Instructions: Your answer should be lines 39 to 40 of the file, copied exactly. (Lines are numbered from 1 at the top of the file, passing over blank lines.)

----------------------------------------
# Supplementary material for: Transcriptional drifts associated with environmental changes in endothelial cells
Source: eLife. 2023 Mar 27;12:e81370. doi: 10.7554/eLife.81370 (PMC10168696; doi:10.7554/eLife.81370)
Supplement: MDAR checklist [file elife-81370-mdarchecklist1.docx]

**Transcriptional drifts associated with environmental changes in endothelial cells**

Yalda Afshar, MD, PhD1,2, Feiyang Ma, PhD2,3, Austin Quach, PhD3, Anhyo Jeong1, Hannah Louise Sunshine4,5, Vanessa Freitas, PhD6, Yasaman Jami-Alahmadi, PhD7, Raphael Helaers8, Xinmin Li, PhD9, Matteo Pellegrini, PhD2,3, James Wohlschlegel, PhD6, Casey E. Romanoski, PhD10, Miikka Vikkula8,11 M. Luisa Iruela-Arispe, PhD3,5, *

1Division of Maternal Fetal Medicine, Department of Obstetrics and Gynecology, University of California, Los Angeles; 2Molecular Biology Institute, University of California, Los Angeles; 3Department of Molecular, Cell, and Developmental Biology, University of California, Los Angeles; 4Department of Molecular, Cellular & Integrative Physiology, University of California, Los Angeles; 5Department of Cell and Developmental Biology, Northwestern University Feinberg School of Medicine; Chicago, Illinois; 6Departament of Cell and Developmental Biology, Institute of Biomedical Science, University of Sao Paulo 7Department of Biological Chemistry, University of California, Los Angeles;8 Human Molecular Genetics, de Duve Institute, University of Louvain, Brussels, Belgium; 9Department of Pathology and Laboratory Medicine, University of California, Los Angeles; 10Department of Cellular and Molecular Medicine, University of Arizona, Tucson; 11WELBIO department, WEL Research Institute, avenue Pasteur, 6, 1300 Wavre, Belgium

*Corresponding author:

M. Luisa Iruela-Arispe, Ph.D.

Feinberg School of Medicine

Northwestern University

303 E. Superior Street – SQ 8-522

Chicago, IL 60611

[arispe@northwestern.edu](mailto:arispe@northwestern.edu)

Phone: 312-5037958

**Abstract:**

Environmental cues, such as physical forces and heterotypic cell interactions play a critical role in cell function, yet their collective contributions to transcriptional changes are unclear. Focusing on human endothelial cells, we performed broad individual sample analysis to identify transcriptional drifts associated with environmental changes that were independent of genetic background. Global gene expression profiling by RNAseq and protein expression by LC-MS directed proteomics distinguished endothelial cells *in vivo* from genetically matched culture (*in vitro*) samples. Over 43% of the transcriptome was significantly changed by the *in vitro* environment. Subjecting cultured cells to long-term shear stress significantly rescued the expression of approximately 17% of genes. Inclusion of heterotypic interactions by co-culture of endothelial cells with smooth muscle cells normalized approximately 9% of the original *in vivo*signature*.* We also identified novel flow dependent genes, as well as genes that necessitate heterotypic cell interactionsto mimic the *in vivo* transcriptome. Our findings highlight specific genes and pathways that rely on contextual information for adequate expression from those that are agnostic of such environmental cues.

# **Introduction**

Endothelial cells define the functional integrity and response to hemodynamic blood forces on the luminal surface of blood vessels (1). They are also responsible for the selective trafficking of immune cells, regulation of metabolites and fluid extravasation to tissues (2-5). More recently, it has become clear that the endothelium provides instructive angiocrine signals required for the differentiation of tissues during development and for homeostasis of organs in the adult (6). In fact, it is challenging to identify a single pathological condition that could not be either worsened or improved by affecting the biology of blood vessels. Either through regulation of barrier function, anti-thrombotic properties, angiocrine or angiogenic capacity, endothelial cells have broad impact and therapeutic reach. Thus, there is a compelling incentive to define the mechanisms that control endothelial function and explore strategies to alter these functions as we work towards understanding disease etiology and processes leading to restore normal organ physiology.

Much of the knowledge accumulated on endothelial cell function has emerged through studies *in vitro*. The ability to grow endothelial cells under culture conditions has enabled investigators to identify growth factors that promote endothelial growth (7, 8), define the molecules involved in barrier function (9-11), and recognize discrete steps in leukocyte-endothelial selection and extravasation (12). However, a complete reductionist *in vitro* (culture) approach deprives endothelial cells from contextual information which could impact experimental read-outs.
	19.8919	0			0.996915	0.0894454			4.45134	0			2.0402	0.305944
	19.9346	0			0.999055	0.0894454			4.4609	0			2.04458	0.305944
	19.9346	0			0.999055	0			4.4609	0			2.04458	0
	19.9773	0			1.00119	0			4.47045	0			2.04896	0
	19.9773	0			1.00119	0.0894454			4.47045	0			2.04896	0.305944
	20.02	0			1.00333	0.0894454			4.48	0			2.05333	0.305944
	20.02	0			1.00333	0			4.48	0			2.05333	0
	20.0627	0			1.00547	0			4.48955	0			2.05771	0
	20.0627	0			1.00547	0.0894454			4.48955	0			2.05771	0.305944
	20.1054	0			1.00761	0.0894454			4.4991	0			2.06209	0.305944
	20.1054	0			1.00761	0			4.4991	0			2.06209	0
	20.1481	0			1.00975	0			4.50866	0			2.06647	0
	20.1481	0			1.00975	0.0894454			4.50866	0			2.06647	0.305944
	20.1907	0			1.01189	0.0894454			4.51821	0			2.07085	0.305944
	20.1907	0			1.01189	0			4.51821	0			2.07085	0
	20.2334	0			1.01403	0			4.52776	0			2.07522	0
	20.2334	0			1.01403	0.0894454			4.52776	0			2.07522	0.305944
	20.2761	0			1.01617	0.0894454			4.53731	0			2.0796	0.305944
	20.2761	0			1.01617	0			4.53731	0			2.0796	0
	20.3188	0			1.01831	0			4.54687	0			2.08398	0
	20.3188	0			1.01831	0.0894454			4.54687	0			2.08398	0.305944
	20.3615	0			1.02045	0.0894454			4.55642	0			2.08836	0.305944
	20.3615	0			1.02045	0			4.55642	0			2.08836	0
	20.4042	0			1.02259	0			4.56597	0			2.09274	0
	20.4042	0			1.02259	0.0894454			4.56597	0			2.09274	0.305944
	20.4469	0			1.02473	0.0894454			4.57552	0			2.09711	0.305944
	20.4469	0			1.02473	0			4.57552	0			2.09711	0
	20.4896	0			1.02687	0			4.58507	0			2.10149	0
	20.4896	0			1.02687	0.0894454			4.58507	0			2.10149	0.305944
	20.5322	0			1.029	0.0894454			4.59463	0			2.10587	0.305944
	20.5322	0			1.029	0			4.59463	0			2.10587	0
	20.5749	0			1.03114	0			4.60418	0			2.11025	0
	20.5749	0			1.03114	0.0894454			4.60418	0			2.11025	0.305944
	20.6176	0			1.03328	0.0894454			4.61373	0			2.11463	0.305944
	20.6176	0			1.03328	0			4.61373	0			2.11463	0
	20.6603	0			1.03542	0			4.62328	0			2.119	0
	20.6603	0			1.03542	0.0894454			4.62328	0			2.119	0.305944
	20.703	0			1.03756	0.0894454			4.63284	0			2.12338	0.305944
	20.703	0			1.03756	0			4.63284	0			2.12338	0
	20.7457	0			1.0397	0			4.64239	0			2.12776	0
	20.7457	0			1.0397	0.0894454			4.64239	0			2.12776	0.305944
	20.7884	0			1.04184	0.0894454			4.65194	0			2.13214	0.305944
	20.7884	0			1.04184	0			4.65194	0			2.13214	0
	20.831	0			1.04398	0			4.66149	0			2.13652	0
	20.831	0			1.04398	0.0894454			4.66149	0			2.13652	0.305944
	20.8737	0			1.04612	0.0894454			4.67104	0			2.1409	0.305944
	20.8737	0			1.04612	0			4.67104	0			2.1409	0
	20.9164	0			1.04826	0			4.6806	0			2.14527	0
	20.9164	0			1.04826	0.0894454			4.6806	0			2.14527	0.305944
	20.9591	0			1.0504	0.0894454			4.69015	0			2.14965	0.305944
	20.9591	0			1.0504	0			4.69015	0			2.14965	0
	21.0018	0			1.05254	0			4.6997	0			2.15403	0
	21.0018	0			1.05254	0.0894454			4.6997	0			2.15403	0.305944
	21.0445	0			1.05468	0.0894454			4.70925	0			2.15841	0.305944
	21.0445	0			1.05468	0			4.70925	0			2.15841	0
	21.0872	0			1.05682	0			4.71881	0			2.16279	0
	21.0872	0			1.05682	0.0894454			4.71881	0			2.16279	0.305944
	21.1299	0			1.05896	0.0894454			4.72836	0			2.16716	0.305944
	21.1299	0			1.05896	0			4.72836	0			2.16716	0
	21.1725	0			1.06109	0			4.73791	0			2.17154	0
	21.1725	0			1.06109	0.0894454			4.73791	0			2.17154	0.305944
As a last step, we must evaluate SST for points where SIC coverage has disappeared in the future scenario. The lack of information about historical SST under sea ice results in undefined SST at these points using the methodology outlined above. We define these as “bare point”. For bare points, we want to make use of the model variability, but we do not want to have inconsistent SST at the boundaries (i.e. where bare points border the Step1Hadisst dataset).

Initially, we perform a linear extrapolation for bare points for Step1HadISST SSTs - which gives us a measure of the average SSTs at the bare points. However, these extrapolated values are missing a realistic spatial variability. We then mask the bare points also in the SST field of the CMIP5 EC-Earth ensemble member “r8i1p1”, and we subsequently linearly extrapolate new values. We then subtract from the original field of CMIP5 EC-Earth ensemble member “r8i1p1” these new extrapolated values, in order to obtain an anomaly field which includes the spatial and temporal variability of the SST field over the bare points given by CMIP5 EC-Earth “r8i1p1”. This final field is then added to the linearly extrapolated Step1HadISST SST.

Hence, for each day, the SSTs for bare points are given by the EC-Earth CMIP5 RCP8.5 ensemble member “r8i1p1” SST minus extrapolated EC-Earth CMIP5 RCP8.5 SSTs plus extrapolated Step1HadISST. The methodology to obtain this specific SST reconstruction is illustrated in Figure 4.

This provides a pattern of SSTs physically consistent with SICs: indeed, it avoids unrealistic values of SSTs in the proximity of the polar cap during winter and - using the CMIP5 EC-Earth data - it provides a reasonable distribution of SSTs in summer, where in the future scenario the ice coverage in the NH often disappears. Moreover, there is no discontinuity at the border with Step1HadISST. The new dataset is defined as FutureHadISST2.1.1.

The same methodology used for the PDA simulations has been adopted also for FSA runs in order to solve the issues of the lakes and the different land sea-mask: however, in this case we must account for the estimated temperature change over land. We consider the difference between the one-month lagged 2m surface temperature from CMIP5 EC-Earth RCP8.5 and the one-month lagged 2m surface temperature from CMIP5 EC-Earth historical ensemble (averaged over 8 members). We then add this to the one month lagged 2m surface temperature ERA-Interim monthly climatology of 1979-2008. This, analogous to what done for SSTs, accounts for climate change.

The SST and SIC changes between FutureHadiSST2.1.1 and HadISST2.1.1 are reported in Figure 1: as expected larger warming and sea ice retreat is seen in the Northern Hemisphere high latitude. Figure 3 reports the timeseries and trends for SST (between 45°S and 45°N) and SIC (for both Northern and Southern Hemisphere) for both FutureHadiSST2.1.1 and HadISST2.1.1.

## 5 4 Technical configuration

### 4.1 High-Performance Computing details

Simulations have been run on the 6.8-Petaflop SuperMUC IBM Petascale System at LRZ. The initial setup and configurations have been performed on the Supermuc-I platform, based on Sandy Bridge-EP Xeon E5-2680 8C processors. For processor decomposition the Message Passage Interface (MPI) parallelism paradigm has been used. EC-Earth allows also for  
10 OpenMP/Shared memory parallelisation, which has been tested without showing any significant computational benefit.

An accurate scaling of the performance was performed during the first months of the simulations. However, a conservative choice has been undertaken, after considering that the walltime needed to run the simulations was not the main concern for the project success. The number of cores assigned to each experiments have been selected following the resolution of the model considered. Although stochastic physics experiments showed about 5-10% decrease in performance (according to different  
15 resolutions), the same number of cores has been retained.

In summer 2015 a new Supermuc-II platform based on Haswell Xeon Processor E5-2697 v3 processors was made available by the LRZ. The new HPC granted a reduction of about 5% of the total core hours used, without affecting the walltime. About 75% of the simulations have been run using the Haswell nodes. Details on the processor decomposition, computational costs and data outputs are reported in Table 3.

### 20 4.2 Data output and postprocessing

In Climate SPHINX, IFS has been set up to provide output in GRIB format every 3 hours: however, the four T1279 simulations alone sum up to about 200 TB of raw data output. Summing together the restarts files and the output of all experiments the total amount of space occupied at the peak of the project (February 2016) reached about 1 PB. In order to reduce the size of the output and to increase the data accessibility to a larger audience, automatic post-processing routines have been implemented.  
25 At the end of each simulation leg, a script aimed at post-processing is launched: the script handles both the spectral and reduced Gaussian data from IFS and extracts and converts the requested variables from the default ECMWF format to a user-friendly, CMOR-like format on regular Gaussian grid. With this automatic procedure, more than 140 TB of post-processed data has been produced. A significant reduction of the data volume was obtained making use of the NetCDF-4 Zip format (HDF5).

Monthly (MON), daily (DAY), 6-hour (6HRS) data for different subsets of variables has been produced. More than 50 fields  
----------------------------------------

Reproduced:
	20.3188	0			1.01831	0			4.54687	0			2.08398	0
	20.3188	0			1.01831	0.0894454			4.54687	0			2.08398	0.305944